The Year of the Wasp

Posted by: The Fitzhugh Posted date: October 02, 2013


Creative Commons License
Vespula pensylvanica, identified by Andrew Williams, Ron Hemberger and Vespula vulgaris.
English: Western Yellowjacket. Queen. San Jose, California, USA.
Date 15 May 2010
Source Own work
Author Eugene Zelenko

Although the first frosts of the fall have brought an end to this year’s abundant wasp population, for many, the redness and pain of late-summer stings still lingers. Stories of swollen lips and hasty picnic endings abound, and suggest Jasper had a wasp year unlike any in recent memory.

Why so many? Dr. Matthias Buck, assistant curator of Invertebrate Zoology at the Royal Alberta Museum says, “Although there are no easy rules to predict a wasp population, there are certain conditions that are favourable.”

“Cold and wet years limit the time wasps can be out foraging,” he explains. As wasps rely on external temperatures for body heat, cold days can slow them down. “When the wasps forage less, they raise less brood.”

Environment Canada data shows that July in Jasper was warmer than average, and that the amount of rainfall in late spring and early summer was well below average. These conditions would definitely favour wasp populations. However, like all things in the natural world, it’s rarely that simple.

For example, some research indicates that in temperate climates like ours, mild winters also play a role in promoting wasp populations. Most wasps die with the onset of cold weather in the fall. However, new queens hibernate through the winter tucked beneath the bark of dead trees, under leaf litter, or in the outer walls of your house. In the spring, the queen will build a nest, and by late summer, a healthy yellow jacket colony can have thousands of workers. In Jasper, the past winter provided few cold snaps to limit the number of queens, and it’s likely many survived to start colonies this spring.

Buck suggests drought can also affect wasps. “If there is a drought, vegetation doesn’t do well, and herbivorous insects don’t do well either. This diminishes the prey available for wasps.”

Then there is the sheer number of species, all of which behave and adapt slightly differently. The term “wasp” is often used to refer to wasps, yellow jackets, and hornets. Some are solitary, and some live in colonies. Some build aerial nests on tree branches or under the eves of buildings, but many wasps conceal their nests in old tree stumps, natural crevices and under porch steps. Buck says, “The trouble-causing species are the ones that tend to build [nests] in the ground.”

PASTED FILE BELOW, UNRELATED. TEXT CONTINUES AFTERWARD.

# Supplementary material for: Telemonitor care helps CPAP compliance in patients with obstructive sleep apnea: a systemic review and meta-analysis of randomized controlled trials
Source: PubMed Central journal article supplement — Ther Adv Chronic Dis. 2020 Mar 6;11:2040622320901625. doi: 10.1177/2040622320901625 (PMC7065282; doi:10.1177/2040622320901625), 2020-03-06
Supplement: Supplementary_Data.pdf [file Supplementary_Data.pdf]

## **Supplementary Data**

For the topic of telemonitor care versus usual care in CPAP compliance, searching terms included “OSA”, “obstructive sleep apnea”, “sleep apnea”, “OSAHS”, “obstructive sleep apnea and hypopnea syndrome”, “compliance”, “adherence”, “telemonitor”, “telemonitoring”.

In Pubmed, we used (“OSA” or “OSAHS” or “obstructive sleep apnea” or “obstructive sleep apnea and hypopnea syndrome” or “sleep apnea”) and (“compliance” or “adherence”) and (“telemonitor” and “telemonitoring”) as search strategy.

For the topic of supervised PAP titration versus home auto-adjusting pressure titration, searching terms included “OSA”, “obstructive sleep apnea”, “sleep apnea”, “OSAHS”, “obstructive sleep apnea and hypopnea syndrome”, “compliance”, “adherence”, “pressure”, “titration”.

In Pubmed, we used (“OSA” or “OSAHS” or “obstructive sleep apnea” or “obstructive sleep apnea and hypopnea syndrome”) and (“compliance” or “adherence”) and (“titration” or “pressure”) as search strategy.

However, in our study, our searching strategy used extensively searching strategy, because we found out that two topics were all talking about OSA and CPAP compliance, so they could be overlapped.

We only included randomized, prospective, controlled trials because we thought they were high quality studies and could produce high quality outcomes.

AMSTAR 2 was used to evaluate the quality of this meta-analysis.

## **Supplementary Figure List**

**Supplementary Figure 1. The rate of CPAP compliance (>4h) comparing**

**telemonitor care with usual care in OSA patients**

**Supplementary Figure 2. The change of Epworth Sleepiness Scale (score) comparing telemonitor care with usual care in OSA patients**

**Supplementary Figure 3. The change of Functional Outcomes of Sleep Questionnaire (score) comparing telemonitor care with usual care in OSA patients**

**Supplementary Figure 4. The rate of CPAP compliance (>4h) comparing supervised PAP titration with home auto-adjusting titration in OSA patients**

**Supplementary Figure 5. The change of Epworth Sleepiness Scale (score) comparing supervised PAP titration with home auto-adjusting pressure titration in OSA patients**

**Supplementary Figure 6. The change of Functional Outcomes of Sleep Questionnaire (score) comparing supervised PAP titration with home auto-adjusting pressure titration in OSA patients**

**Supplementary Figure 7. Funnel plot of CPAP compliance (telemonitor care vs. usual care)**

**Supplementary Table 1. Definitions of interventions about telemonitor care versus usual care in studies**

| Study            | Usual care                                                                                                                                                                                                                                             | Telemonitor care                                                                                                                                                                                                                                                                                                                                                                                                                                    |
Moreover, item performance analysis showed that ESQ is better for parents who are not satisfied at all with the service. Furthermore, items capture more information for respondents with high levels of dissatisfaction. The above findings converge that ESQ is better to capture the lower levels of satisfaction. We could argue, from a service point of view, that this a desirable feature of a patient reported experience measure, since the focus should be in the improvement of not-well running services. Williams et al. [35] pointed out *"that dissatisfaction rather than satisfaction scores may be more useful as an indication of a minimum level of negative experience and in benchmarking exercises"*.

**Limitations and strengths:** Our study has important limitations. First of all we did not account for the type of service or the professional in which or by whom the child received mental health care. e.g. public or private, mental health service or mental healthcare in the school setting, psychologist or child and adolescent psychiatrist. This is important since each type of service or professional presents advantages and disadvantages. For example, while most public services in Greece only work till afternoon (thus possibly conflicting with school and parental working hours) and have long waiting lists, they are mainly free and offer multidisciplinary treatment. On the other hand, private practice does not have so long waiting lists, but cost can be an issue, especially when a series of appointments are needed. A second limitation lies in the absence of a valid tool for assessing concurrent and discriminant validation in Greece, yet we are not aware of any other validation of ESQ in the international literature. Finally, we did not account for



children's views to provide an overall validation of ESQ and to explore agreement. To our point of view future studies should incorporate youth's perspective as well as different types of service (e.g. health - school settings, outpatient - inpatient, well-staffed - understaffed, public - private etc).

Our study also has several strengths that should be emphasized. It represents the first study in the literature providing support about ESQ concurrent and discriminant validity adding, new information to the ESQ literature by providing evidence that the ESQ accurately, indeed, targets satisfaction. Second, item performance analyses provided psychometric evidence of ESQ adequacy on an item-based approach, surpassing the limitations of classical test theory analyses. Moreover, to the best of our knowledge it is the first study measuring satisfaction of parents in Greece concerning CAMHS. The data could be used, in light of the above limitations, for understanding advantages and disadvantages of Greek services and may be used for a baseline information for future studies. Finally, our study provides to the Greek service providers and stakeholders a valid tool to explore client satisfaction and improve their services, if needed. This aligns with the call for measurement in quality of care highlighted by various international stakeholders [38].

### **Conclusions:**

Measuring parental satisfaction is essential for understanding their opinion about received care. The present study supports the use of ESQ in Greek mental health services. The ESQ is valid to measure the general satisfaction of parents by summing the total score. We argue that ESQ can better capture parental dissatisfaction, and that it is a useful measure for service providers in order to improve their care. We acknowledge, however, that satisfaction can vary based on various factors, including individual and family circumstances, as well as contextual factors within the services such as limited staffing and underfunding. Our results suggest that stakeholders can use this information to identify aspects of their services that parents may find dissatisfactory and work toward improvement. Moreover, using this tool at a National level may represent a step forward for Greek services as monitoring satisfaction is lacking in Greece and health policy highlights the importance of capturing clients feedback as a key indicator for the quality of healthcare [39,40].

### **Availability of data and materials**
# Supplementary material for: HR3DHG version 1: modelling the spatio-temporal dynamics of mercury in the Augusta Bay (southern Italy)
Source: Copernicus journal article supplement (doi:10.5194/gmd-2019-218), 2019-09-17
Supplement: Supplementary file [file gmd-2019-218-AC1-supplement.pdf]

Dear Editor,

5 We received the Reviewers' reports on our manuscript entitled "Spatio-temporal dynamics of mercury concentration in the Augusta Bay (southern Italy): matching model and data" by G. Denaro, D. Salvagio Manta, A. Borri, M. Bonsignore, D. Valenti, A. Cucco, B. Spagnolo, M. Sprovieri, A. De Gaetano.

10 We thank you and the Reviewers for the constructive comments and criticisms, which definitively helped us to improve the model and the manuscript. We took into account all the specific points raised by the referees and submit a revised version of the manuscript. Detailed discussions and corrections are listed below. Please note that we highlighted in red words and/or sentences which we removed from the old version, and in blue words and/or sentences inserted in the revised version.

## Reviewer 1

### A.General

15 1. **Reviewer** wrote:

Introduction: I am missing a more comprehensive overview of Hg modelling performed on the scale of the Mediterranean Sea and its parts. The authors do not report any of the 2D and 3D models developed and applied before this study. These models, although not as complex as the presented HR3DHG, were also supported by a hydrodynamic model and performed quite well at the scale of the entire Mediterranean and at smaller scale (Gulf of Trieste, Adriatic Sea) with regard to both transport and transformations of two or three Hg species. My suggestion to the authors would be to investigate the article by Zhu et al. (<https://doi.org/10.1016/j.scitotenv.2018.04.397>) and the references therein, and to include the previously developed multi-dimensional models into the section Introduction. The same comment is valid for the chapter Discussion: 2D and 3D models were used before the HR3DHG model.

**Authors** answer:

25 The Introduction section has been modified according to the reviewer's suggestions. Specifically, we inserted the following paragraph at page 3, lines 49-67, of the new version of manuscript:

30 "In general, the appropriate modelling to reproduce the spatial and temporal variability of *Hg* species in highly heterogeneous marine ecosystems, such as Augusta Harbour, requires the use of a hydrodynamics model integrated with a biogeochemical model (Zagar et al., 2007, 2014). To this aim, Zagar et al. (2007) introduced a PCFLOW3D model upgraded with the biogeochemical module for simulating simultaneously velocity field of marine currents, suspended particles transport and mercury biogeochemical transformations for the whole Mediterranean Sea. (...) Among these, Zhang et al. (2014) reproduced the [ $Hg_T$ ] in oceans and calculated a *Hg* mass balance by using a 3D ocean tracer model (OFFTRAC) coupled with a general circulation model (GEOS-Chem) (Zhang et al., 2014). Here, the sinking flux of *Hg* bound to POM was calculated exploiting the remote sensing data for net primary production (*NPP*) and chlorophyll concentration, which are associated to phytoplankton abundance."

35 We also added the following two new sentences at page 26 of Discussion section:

He is referring to yellow jackets. There are 14 species of these yellow and black-striped stingers in Alberta. “That’s quite a lot,” says Buck. “In the southern United States you may only have two or three species.”

Most yellow jackets build ground nests, although at least one species in Jasper builds small, circular paper nests under the eves of buildings. They are attracted to sugary drinks and snacks at a picnic, as adults naturally feed on sugars like those found in flower nectar. Adults are also responsible for bringing protein back to the brood in the colony. Buck says most yellow jacket species are strictly predators; killing other insects and bringing them back to the nest. However, there is one species that will scavenge for meat, and can be quite aggressive about it. It will come to the barbecue for the sugar and the hamburger.

Wasps can be helpful in that many feed on plant-eating insects and nuisance flies. Like all predators at the top of the food chain, they are important in controlling the number of prey species and keeping their populations in check. Wasps also serve as pollinators.

Still, it’s not fun to be swarmed every time you crack a ginger ale, and people have resorted to all kinds of deterrents. Some have turned to hanging up artificial paper wasp nests, based on the theory that wasps are territorial and will not build a nest close to another. At this point, there is little scientific evidence to support this. Consider the fact that an aerial nest may not be much of a visual deterrent to species that nest in the ground.

If you want to deter yellow jackets from attending the party, the Royal Alberta Museum website recommends that you don’t wear perfume and colognes, as wasps are attracted to anything that smells like flowers. For the same reason, they will be attracted to brightly coloured clothing or floral prints. The rest is intuitive: avoid eating and drinking sweets outside in late summer and early fall, when yellow jackets are most aggressive. Remember to check inside the beer or pop can before taking a swig. As too many of us have learned, it is not uncommon to be stung in the mouth this way. If you do come across a nest, avoid disturbing it, as workers will likely defend it. If you step on or bump into a nest accidentally, Buck recommends that you “run away as fast as you can.”